Common Name: Rice Weevil
Scientific Name: Sitophilus oryzae (Linnaeus)
The rice weevil is considered by many to be the most important stored product pest. It has worldwide distribution but primarily in warm climates. In the United States, it is usually confined to stored grain north of North Carolina, but is widely distributed in field and stored grain in the south.
Adults about 1/8″ (2.5-3.5 mm) long. Color dull reddish brown, elytra (wing covers) usually with 4 faint reddish to yellowish paler marks. Punctures or pits on thorax round or irregularly shaped, deep, midline of pronotum usually puncture-free. Wings fully developed, can fly.
Male’s snout/beak shorter, wider, with more distinct punctures than that of female’s. Larva legless. Color creamy white with brownish-black head. Thickened in middle (humpbacked), and relatively smooth. Labial palp usually with 7 or 8 sensory papillae (tiny fingerlike projections).
(1) Granary weevil (Sitophilus granarius) lacks any pale area on elytra (wing covers), punctures (pits) on thorax elongated in shape.
(2) Maize weevil (S. zeamais) tends to be slightly smaller (length 2.3-2.9 mm) with punctures usually present along midline of pronotum, but identification (vs. rice weevil) is left to experts because it is based on genitalia, prefers sorghum, rice, and especially wheat (rice weevil prefers sorghum, rice, and especially corn).
(3) Broadnosed grain weevil (Caulophilus oryzae) with a short broad snout, snout length about twice width or less.
The rice weevil female bores a hole into the kernel of grain and lays an egg, sealing the opening with a gelatinous material. Females can lay 300-400 eggs in their lifetime but egg laying si sporadic during the winter time, with less activity the cooler the temperature. There are 3-4 instars which require ana average of 18 days for development. The pupal stage requires an average of 18 days for development.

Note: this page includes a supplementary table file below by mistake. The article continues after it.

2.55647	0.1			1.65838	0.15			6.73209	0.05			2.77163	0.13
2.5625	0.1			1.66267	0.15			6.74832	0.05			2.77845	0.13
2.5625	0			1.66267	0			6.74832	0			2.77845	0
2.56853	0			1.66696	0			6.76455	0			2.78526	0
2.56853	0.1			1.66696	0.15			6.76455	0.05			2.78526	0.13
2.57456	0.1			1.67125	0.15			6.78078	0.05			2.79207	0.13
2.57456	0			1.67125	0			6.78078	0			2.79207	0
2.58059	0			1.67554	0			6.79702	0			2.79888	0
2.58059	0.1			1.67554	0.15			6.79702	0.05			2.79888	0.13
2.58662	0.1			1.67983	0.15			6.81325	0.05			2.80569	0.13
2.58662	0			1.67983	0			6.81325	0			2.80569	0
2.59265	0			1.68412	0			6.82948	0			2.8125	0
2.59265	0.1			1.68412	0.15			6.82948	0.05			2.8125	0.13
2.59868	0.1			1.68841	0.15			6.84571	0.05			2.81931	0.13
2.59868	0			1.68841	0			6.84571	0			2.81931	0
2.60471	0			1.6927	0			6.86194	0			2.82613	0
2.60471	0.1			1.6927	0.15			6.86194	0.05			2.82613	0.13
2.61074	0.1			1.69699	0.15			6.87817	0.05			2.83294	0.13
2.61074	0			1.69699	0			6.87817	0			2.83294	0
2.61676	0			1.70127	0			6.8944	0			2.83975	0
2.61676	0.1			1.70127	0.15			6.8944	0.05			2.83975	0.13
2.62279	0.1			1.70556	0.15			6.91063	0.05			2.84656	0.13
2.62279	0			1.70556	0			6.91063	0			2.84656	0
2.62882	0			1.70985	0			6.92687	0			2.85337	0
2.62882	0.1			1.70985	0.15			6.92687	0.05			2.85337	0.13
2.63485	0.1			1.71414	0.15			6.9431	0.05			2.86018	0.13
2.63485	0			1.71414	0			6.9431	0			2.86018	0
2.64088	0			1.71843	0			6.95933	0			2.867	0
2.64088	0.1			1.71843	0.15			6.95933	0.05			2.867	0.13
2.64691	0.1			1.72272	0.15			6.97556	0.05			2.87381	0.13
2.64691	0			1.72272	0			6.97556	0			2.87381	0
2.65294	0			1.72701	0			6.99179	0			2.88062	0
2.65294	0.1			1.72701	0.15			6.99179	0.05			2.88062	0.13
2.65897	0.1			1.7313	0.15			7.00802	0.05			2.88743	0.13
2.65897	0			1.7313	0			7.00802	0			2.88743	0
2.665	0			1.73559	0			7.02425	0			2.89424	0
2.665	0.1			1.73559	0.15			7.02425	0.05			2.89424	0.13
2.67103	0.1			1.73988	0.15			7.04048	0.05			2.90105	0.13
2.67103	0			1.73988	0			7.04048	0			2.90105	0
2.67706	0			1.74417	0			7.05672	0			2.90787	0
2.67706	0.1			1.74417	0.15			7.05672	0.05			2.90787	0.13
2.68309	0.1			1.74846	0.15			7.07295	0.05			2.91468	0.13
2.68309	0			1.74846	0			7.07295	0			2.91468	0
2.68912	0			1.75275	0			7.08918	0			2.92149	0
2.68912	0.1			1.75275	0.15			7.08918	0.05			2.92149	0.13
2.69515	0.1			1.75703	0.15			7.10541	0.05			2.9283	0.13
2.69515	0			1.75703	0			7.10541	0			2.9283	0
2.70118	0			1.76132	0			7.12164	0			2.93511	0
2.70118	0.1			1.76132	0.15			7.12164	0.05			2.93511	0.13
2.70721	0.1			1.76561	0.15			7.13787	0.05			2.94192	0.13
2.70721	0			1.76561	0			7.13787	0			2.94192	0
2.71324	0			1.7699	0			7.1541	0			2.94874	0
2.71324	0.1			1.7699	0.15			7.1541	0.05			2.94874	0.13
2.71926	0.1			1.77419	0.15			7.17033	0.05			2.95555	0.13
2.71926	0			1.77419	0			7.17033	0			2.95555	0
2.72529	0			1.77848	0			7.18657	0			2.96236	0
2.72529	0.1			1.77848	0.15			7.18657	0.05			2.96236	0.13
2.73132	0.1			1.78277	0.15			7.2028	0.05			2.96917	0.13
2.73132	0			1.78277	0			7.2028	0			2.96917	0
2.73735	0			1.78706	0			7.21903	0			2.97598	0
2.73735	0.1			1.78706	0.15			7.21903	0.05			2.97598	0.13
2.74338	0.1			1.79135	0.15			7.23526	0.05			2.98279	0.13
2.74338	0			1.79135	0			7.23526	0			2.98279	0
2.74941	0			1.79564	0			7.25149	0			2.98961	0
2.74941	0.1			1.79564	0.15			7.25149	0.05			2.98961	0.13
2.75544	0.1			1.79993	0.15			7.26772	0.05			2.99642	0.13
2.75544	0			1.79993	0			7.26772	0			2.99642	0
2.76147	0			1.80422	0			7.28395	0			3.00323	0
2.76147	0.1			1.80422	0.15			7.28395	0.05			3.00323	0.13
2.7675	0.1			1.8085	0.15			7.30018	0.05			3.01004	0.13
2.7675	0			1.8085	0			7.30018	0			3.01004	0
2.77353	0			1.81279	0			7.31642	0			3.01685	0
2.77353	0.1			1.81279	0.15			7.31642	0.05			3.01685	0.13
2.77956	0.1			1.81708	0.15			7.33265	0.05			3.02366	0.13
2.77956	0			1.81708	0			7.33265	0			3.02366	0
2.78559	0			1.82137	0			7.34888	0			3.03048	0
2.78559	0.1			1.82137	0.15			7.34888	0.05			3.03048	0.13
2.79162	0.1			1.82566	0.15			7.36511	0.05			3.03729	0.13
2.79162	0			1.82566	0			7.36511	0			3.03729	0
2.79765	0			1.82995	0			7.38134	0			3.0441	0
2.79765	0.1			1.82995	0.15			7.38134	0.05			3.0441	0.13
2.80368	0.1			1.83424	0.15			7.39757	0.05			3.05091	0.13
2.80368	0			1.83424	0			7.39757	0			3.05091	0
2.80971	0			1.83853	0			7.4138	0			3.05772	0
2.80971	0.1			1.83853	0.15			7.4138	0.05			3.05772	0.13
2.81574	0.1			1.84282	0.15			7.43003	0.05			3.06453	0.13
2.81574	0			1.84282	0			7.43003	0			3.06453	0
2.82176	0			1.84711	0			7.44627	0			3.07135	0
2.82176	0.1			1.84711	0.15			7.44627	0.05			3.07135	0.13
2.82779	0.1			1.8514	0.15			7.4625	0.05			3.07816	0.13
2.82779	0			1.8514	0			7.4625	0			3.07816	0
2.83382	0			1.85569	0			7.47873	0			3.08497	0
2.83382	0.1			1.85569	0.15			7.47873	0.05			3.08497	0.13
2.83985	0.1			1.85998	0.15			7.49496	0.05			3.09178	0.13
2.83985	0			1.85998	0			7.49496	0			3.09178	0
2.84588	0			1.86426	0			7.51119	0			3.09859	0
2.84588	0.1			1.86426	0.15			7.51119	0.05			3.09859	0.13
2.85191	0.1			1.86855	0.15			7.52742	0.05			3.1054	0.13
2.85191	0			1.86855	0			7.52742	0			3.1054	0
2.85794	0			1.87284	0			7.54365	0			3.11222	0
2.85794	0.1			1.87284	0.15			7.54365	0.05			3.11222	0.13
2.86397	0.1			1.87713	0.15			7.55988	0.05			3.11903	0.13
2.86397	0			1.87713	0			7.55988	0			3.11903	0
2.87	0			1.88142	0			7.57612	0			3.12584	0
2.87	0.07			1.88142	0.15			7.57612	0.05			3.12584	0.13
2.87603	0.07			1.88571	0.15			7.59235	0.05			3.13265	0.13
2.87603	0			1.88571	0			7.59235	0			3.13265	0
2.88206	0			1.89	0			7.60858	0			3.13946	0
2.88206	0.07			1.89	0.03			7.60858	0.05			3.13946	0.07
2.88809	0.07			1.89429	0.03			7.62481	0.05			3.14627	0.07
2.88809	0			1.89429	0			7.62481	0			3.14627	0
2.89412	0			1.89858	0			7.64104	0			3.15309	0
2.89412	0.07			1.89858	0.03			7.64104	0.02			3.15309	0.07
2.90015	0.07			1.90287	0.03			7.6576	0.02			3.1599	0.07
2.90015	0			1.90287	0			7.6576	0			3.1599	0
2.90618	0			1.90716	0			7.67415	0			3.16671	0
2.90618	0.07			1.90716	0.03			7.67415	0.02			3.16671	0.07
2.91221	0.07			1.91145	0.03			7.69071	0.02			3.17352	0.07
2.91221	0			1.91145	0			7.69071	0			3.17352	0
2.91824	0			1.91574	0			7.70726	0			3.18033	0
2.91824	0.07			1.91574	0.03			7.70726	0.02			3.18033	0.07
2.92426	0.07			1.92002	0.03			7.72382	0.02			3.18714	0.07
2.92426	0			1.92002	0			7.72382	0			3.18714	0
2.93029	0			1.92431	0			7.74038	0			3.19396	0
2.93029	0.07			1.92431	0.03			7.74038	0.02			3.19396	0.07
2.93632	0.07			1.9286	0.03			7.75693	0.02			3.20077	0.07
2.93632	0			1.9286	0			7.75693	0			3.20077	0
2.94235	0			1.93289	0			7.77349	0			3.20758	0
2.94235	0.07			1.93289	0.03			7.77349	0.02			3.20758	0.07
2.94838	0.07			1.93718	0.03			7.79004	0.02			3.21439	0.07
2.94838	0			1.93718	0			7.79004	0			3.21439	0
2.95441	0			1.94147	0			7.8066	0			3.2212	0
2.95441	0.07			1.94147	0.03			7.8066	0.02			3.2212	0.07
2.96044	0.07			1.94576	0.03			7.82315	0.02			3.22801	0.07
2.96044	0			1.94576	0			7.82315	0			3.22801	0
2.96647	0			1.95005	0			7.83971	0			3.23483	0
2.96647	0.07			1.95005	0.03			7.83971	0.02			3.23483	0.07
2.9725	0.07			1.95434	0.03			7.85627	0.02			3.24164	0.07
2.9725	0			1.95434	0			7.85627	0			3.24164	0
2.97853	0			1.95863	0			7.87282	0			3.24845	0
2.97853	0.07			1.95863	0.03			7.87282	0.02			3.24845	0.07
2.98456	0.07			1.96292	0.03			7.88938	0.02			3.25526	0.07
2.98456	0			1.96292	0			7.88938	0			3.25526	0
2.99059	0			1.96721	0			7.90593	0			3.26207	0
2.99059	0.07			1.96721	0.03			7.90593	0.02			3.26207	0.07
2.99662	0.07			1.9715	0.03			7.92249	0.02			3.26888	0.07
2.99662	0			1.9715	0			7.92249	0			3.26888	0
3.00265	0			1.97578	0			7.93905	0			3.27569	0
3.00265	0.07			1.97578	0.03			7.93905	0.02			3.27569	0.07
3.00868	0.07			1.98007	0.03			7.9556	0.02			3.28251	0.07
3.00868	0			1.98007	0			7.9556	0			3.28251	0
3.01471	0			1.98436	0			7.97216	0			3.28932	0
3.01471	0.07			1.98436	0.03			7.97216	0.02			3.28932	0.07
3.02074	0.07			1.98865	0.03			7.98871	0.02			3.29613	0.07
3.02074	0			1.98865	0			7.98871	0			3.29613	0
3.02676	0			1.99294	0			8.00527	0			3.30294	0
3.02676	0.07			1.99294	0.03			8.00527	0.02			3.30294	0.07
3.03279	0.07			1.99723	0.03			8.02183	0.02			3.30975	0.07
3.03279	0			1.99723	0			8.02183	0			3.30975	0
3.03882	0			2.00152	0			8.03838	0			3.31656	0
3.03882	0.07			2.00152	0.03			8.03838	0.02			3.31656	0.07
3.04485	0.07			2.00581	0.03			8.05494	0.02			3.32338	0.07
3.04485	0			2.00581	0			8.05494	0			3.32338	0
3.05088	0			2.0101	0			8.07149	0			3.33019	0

The pupal stage requires an average of 6 days (range 3-9) and upon transformation, the adult insect will remain within the kernel for 3-4 days until it hardens and matures. The life cycle (egg to egg) may be as short as 32 days in the summer. The adult may live for 3-6 months.
The rice weevil is usually confined to stored grain north of North Carolina. In the south, adults fly from stored grain to infest the new grain crop in the field and the infestation continues through storage. It has been recorded attacking corn, wheat, rice, beans, nuts, cereals, rye, buckwheat, stored cotton, wheat products of all kinds, and grapes.
In addition, it will feed on apples and pears. Optimum conditions for rice weevil activity are 80-86F (27-30C), 75-90% relative humidity, and grain of 13.5-17.6% moisture content. When disturbed, it will draw its legs up to its body and play “possum.” Adults can fly and are attracted to lights.
Follow the standard control procedures for stored product pest. Extremes of heat and cold can effectively kill all stages.